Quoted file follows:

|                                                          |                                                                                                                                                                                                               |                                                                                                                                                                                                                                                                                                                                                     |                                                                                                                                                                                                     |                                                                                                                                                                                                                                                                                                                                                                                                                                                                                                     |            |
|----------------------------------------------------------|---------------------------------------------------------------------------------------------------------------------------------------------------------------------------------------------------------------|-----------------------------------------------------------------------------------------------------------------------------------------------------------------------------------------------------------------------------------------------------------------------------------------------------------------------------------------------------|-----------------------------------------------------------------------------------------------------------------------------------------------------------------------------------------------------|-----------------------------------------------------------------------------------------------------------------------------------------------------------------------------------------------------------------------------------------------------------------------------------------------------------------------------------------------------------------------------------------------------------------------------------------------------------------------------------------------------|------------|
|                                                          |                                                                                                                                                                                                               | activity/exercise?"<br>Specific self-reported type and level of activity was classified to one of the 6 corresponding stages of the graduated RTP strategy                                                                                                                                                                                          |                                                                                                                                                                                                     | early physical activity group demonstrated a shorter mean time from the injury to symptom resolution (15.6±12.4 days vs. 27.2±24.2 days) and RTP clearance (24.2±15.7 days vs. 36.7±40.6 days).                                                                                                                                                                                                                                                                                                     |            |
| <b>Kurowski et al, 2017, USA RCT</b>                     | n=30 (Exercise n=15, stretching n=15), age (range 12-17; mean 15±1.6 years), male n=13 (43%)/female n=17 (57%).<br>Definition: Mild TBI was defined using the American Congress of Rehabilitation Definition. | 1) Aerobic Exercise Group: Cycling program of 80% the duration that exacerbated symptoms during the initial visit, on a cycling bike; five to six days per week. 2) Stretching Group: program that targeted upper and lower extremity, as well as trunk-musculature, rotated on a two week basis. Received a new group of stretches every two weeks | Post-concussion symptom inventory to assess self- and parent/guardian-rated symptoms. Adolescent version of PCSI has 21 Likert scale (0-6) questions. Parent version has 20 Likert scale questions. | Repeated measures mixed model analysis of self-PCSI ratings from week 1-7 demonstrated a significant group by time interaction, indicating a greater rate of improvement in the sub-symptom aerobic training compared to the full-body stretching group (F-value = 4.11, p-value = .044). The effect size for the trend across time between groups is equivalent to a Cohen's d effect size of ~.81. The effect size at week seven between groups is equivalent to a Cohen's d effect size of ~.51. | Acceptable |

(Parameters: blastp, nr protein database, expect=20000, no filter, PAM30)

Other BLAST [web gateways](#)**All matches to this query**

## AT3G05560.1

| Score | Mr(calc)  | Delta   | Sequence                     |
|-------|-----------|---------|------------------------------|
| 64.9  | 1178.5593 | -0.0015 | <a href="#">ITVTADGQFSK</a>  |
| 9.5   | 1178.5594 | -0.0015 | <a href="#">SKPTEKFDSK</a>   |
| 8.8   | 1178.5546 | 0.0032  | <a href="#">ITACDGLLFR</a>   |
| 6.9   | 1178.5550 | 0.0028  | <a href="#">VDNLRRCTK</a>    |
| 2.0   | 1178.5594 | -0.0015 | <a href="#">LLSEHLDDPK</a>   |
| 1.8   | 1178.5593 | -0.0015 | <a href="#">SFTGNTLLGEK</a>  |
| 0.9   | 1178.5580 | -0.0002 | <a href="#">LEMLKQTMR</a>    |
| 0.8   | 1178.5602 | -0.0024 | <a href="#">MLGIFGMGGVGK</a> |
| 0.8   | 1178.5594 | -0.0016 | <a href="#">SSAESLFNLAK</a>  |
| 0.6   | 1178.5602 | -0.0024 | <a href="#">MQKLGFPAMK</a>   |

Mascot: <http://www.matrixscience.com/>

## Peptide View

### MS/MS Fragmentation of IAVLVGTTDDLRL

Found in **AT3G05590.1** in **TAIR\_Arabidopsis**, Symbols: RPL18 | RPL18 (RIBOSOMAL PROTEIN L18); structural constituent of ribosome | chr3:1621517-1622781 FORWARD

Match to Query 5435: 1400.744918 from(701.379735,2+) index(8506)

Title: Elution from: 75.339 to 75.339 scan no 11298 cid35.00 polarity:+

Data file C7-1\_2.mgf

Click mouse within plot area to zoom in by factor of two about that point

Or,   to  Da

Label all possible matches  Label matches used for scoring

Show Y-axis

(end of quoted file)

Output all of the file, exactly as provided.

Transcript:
|                                                          |                                                                                                                                                                                                               |                                                                                                                                                                                                                                                                                                                                                     |                                                                                                                                                                                                     |                                                                                                                                                                                                                                                                                                                                                                                                                                                                                                     |            |
|----------------------------------------------------------|---------------------------------------------------------------------------------------------------------------------------------------------------------------------------------------------------------------|-----------------------------------------------------------------------------------------------------------------------------------------------------------------------------------------------------------------------------------------------------------------------------------------------------------------------------------------------------|-----------------------------------------------------------------------------------------------------------------------------------------------------------------------------------------------------|-----------------------------------------------------------------------------------------------------------------------------------------------------------------------------------------------------------------------------------------------------------------------------------------------------------------------------------------------------------------------------------------------------------------------------------------------------------------------------------------------------|------------|
|                                                          |                                                                                                                                                                                                               | activity/exercise?"<br>Specific self-reported type and level of activity was classified to one of the 6 corresponding stages of the graduated RTP strategy                                                                                                                                                                                          |                                                                                                                                                                                                     | early physical activity group demonstrated a shorter mean time from the injury to symptom resolution (15.6±12.4 days vs. 27.2±24.2 days) and RTP clearance (24.2±15.7 days vs. 36.7±40.6 days).                                                                                                                                                                                                                                                                                                     |            |
| <b>Kurowski et al, 2017, USA RCT</b>                     | n=30 (Exercise n=15, stretching n=15), age (range 12-17; mean 15±1.6 years), male n=13 (43%)/female n=17 (57%).<br>Definition: Mild TBI was defined using the American Congress of Rehabilitation Definition. | 1) Aerobic Exercise Group: Cycling program of 80% the duration that exacerbated symptoms during the initial visit, on a cycling bike; five to six days per week. 2) Stretching Group: program that targeted upper and lower extremity, as well as trunk-musculature, rotated on a two week basis. Received a new group of stretches every two weeks | Post-concussion symptom inventory to assess self- and parent/guardian-rated symptoms. Adolescent version of PCSI has 21 Likert scale (0-6) questions. Parent version has 20 Likert scale questions. | Repeated measures mixed model analysis of self-PCSI ratings from week 1-7 demonstrated a significant group by time interaction, indicating a greater rate of improvement in the sub-symptom aerobic training compared to the full-body stretching group (F-value = 4.11, p-value = .044). The effect size for the trend across time between groups is equivalent to a Cohen's d effect size of ~.81. The effect size at week seven between groups is equivalent to a Cohen's d effect size of ~.51. | Acceptable |

(Parameters: blastp, nr protein database, expect=20000, no filter, PAM30)

Other BLAST [web gateways](#)**All matches to this query**

## AT3G05560.1

| Score | Mr(calc)  | Delta   | Sequence                     |
|-------|-----------|---------|------------------------------|
| 64.9  | 1178.5593 | -0.0015 | <a href="#">ITVTADGQFSK</a>  |
| 9.5   | 1178.5594 | -0.0015 | <a href="#">SKPTEKFDSK</a>   |
| 8.8   | 1178.5546 | 0.0032  | <a href="#">ITACDGLLFR</a>   |
| 6.9   | 1178.5550 | 0.0028  | <a href="#">VDNLRRCTK</a>    |
| 2.0   | 1178.5594 | -0.0015 | <a href="#">LLSEHLDDPK</a>   |
| 1.8   | 1178.5593 | -0.0015 | <a href="#">SFTGNTLLGEK</a>  |
| 0.9   | 1178.5580 | -0.0002 | <a href="#">LEMLKQTMR</a>    |
| 0.8   | 1178.5602 | -0.0024 | <a href="#">MLGIFGMGGVGK</a> |
| 0.8   | 1178.5594 | -0.0016 | <a href="#">SSAESLFNLAK</a>  |
| 0.6   | 1178.5602 | -0.0024 | <a href="#">MQKLGFPAMK</a>   |

Mascot: <http://www.matrixscience.com/>

## Peptide View

### MS/MS Fragmentation of IAVLVGTTDDLRL

Found in **AT3G05590.1** in **TAIR\_Arabidopsis**, Symbols: RPL18 | RPL18 (RIBOSOMAL PROTEIN L18); structural constituent of ribosome | chr3:1621517-1622781 FORWARD

Match to Query 5435: 1400.744918 from(701.379735,2+) index(8506)

Title: Elution from: 75.339 to 75.339 scan no 11298 cid35.00 polarity:+

Data file C7-1\_2.mgf

Click mouse within plot area to zoom in by factor of two about that point

Or,   to  Da

Label all possible matches  Label matches used for scoring

Show Y-axis